What Is the True Value of a Vacant or Abandoned Building?

Bronzeville Abandoned Building

The building above may look nondescript, but is actually in a highly favorable location across the street from Shops and Lofts on 47 in the Bronzeville area of Chicago’s Near South Side. Photo Credit: Audrey F. Henderson, all rights reserved.

Any real estate agent or Realtor can tell you that the three most important factors in determining the potential value of a particular parcel of real estate are, in order: location, location, location. Location can trump other aspects of a structure, including whether it is occupied and its state of (dis)repair. In fact, location plays a large role in determining whether a decrepit building is worthy of the financial investment necessary to reclaim it for productive use, assuming of course that it is structurally sound.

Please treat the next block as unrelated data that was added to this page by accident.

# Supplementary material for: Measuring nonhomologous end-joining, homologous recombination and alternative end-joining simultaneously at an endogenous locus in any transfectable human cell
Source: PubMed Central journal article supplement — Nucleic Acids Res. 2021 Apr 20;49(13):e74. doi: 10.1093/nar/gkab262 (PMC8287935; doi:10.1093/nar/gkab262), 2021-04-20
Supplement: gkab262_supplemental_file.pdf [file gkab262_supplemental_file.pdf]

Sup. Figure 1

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Facades+ Lands in Chicago July 24 and 25

Inland Steel Building North Elevation

The Inland Steel building, completed in 1958, is one Chicago’s most iconic Modernist buildings. Its stainlesss steel facade, although beautiful, presents challenges for environmentally-efficient retrofitting, due in large part to its landmark status.  Photo Credit: Audrey F. Henderson, all rights reserved.

Over two days, Thursday July 24 and Friday July 25, thought leaders from architecture, design and engineering will come together in the heart of downtown for the 2014 Façades+ Chicago Conference to share their insights on the exteriors that shape our first impressions of buildings. The 2014 Chicago conference was organized by The Architect’s Newspaper and Enclos, with YKK-AP serving as the 2014 Conference chair. Luke Smith of Enclos and Edward Peck of Thornton Tomasetti are serving as co-chairs for the Chicago conference, the eighth in the series.